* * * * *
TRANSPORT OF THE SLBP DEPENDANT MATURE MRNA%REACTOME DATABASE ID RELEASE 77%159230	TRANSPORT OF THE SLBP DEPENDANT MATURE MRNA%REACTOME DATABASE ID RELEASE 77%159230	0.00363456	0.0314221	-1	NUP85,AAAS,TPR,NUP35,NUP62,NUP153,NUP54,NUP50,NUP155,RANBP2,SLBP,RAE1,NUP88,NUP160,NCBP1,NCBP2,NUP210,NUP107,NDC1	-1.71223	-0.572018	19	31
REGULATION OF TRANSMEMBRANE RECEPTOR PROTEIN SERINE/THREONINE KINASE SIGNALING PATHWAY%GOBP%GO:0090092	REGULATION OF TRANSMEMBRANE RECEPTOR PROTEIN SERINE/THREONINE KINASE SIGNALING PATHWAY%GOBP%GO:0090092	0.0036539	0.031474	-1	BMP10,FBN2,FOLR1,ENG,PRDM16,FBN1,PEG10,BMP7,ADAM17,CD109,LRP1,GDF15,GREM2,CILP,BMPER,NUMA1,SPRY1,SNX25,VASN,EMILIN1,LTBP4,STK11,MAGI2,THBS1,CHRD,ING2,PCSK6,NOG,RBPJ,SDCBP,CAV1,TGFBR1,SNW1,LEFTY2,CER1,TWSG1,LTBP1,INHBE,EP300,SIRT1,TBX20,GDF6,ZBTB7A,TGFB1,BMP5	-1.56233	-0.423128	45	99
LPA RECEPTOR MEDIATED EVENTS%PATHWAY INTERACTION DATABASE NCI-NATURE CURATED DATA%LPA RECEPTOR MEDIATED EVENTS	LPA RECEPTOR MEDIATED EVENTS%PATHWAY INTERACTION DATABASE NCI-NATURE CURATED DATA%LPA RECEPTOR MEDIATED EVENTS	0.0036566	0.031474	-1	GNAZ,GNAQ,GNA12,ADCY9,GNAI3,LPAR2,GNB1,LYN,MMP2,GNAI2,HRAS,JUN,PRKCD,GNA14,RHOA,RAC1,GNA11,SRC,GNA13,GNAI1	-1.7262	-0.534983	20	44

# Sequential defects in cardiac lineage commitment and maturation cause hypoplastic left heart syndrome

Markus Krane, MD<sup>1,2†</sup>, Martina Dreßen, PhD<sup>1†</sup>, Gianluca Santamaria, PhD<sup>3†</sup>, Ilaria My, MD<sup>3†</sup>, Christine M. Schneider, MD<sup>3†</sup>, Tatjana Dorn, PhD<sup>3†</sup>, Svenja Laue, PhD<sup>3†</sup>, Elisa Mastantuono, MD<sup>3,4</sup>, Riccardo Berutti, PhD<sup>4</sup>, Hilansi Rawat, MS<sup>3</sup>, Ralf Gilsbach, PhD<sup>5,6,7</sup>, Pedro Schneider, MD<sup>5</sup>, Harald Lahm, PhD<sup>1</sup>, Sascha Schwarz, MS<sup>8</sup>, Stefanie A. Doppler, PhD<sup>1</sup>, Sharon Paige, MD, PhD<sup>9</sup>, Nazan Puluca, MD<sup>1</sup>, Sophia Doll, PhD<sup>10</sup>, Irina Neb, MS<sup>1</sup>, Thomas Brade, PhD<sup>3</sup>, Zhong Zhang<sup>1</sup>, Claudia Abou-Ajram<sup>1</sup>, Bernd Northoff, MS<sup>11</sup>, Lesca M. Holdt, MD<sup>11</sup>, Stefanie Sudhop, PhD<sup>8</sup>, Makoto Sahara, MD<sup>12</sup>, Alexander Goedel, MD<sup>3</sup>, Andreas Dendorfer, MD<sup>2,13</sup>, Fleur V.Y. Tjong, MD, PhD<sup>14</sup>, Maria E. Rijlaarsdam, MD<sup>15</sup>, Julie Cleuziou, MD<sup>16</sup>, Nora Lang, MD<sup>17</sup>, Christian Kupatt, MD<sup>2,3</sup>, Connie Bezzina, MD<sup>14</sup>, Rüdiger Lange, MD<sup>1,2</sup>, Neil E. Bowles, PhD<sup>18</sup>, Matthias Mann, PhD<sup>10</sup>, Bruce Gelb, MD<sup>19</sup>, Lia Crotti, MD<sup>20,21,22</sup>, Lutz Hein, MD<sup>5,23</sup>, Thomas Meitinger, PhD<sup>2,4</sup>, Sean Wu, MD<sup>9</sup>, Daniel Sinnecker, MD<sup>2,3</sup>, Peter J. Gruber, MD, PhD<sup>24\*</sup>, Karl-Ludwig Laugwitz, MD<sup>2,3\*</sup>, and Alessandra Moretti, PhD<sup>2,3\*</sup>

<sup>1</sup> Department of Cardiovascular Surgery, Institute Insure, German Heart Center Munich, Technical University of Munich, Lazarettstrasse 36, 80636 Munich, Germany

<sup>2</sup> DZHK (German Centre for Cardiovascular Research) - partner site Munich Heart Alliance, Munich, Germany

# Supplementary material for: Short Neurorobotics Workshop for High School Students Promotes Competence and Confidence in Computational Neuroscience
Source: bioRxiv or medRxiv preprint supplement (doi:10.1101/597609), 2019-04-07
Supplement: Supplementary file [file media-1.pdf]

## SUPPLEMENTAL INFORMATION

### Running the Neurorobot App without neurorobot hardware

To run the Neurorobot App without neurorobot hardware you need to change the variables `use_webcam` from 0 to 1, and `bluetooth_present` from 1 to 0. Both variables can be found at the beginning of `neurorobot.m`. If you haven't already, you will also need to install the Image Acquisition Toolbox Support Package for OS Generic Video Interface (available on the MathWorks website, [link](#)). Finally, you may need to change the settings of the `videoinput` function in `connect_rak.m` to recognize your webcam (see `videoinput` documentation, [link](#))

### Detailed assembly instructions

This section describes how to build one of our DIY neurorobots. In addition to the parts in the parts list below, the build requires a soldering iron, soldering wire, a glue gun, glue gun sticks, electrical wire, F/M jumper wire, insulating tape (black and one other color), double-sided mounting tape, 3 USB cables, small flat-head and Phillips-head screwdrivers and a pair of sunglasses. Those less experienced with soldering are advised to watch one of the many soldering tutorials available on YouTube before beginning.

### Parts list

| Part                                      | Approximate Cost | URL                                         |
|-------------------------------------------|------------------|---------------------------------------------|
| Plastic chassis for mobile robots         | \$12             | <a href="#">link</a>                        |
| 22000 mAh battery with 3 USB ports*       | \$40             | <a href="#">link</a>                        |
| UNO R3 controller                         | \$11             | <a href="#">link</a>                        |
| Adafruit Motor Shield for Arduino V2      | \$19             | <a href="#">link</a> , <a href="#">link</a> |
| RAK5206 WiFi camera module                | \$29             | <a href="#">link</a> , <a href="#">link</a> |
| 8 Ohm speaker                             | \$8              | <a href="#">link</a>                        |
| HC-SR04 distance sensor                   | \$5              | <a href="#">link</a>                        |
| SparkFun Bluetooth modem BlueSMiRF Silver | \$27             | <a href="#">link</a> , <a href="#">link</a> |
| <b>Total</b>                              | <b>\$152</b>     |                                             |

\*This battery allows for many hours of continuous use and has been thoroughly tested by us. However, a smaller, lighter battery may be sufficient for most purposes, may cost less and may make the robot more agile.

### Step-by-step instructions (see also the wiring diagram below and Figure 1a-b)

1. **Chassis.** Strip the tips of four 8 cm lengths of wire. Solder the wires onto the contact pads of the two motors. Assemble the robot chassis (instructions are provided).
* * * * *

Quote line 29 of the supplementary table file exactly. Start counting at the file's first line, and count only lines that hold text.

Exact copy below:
### Step-by-step instructions (see also the wiring diagram below and Figure 1a-b)